Opponents prevail over counselor privilege bill
There will be no new provision to school counselor privilege as members of the House Education Committee voted 9-5 to defer House Bill 1077 to the 41st day. A decision on the bill had been delayed since having its initial hearing in January.
House Bill 1077 would have required parental approval to waive a school counselor privilege for a student under age sixteen.
“We’re going to have it so a child is going to make that decision (to not involve their parents),” Rep. Timothy Johns said. “Is that child going to be competent to make that decision?”
HB 1077’s sponsor Rep. Mike Stevens noted at the bill’s initial hearing it would provide parents a right they currently do not have in law and enhance legal protection for school districts and counselors. The merits of the bill were lauded by all at the initial hearing, but concerns were shared by legislators and testifiers over the potential perception of that trust between student and counselor would be violated.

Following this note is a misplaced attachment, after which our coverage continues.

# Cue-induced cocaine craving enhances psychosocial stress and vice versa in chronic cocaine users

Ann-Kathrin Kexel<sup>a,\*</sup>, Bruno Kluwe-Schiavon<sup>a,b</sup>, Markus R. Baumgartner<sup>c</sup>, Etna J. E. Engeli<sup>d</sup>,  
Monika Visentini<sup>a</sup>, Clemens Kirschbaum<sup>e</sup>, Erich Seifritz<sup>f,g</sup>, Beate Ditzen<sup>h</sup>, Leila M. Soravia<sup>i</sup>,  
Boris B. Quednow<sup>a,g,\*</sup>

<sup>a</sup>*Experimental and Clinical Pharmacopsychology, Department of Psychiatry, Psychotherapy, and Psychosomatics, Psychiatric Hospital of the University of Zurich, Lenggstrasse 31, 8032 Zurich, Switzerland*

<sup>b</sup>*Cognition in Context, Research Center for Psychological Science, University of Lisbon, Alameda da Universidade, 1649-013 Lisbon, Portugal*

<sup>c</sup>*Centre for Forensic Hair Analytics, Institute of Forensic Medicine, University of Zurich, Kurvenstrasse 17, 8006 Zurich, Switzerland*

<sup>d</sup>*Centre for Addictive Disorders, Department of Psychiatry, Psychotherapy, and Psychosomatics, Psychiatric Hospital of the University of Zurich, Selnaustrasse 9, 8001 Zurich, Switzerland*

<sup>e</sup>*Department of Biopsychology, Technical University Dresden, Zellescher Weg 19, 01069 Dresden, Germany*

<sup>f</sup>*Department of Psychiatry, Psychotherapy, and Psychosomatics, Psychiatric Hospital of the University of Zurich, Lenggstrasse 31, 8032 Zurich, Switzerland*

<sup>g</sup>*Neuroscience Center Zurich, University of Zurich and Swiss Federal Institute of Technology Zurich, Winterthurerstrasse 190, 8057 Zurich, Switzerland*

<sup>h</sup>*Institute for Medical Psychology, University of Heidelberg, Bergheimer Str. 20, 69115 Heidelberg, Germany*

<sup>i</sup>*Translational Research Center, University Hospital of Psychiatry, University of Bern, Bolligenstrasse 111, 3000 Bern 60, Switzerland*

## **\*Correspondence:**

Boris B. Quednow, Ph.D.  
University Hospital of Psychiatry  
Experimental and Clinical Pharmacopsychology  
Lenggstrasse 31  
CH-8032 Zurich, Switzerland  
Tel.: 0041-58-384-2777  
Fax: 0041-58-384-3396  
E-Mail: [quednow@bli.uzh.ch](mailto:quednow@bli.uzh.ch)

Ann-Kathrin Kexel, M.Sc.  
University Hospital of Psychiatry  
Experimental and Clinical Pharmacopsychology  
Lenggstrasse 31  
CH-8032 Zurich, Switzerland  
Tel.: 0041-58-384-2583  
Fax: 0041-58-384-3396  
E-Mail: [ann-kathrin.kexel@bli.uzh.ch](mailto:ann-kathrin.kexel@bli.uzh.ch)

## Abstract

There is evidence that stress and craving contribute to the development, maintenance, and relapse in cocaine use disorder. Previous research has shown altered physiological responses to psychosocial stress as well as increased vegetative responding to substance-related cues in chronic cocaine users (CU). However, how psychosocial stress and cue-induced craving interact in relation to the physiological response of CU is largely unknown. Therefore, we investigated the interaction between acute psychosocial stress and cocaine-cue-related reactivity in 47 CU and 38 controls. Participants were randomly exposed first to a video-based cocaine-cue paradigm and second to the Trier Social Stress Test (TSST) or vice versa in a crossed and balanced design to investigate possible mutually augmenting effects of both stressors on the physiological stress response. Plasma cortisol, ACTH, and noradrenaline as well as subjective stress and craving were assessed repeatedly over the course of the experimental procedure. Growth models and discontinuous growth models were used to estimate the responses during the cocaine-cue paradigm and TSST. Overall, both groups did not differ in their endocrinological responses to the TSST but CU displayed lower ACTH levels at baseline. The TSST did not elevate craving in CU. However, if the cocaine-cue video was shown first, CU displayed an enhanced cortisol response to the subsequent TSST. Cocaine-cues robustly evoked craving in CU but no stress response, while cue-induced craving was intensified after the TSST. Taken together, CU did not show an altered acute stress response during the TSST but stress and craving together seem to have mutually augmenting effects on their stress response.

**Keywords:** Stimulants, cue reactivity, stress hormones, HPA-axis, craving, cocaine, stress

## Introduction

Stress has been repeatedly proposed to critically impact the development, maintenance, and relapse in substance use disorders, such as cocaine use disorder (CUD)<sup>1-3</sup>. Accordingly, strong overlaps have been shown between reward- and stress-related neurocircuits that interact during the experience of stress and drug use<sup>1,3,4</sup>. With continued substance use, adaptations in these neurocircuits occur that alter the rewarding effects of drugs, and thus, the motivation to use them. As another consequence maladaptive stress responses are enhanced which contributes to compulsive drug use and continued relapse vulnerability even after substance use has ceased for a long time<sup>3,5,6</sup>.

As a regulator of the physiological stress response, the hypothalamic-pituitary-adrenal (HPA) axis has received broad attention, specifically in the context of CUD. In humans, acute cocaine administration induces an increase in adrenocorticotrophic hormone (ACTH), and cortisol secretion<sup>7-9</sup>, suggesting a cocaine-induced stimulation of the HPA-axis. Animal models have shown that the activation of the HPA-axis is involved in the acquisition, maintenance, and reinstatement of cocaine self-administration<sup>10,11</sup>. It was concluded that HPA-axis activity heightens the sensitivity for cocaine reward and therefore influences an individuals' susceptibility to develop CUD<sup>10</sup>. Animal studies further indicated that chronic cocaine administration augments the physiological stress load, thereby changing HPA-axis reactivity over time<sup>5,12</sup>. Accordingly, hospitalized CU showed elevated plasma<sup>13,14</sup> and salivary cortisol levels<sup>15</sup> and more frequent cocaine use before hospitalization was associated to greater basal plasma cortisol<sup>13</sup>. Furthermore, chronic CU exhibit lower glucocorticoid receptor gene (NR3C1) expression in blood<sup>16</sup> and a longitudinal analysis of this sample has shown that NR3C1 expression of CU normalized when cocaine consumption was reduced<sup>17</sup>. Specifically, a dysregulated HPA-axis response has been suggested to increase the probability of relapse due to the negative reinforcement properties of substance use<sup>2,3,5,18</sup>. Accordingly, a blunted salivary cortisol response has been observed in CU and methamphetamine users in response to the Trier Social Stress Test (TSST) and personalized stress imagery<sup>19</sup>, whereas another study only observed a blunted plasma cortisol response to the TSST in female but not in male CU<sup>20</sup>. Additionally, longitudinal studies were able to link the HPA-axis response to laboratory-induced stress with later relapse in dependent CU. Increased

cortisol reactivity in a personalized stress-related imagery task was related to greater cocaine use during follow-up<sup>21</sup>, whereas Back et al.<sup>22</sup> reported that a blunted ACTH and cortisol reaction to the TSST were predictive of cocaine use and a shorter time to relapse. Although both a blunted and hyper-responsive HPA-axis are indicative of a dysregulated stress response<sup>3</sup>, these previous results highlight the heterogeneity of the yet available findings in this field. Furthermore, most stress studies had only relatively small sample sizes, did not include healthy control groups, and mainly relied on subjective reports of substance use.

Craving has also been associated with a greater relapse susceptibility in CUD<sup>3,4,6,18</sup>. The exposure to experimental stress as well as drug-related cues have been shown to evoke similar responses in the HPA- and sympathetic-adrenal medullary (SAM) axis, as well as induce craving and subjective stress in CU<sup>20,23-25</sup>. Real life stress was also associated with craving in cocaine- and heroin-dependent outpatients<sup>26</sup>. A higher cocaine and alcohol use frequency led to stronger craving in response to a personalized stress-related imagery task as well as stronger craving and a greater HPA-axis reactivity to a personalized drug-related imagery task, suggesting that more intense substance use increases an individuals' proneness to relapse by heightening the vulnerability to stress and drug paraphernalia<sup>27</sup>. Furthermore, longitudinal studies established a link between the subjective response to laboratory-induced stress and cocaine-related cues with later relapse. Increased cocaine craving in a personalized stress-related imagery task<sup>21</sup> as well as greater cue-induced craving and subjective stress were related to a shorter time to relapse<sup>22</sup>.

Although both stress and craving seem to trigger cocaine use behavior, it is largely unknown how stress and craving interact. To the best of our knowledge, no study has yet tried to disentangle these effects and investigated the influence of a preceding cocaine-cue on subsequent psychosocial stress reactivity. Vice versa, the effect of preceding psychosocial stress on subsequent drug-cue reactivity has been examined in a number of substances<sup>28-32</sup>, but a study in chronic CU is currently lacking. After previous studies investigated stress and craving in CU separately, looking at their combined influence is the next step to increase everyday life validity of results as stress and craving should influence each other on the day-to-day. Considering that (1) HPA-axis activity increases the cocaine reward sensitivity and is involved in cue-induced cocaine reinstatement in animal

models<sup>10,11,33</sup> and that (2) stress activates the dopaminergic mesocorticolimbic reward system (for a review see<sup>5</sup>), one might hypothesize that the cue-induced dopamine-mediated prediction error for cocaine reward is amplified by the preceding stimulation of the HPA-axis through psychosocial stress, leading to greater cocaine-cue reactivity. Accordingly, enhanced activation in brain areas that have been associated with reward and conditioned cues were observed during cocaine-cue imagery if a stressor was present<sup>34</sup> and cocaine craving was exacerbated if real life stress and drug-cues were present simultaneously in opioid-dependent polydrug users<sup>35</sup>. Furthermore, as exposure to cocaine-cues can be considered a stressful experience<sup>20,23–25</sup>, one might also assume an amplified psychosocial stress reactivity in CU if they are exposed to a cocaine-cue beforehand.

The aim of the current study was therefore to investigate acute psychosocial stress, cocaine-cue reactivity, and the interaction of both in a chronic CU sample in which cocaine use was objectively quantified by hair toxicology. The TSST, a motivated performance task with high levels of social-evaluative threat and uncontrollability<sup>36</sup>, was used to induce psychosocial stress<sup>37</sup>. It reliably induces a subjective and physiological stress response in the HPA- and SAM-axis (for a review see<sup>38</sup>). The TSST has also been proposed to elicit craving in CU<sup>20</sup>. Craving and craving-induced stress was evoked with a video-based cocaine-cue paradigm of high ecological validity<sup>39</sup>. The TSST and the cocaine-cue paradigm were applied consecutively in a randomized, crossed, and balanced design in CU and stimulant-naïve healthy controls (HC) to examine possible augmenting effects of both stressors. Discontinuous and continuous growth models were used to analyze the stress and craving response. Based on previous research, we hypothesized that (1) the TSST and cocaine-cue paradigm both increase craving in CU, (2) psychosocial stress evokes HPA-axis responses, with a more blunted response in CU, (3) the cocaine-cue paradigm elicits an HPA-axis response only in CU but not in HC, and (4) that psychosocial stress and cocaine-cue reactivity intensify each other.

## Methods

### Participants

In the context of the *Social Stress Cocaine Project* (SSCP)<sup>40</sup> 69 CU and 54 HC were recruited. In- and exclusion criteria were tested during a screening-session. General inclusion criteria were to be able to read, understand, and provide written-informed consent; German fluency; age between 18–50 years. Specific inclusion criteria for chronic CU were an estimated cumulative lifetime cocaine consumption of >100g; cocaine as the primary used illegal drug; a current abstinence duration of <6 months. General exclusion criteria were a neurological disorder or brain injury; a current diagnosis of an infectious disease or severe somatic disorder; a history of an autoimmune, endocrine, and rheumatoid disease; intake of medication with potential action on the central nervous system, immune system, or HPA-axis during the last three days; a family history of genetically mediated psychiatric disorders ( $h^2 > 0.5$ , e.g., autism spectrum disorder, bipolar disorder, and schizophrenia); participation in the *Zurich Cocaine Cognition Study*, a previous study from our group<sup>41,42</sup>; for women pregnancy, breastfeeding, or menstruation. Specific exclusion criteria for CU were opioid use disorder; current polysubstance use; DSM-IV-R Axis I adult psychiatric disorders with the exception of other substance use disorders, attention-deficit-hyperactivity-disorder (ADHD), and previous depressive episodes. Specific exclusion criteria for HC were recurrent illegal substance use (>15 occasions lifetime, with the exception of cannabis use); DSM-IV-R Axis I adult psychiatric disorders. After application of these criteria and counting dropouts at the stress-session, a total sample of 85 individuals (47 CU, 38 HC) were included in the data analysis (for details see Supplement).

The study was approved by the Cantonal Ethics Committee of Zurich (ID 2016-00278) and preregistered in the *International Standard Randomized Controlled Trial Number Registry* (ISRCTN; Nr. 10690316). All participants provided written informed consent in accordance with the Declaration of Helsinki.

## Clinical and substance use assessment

“(Students) trust their school counselor,” Ashely Seeklander, a counselor in the Groton School District testifying on behalf of herself, said.
Seeklander said the bill “creates a conflict” with the counselor code of ethics and that “no student” would come in to her office if the information shared with her must be shared with the student’s parents.
An amendment introduced that would have allowed a counselor or school psychologist to object to information being shared with parents and have the information reviewed by a judge for final decision was defeated.
Rep. Steven McCleerey said he had two parents email him about the bill and they were split on what should be done, which lead him to vote against the bill.
“This is strictly a trust issue,” Rep. McCleerey said of the relationship between student and counselor.
ASBSD was monitoring the bill.
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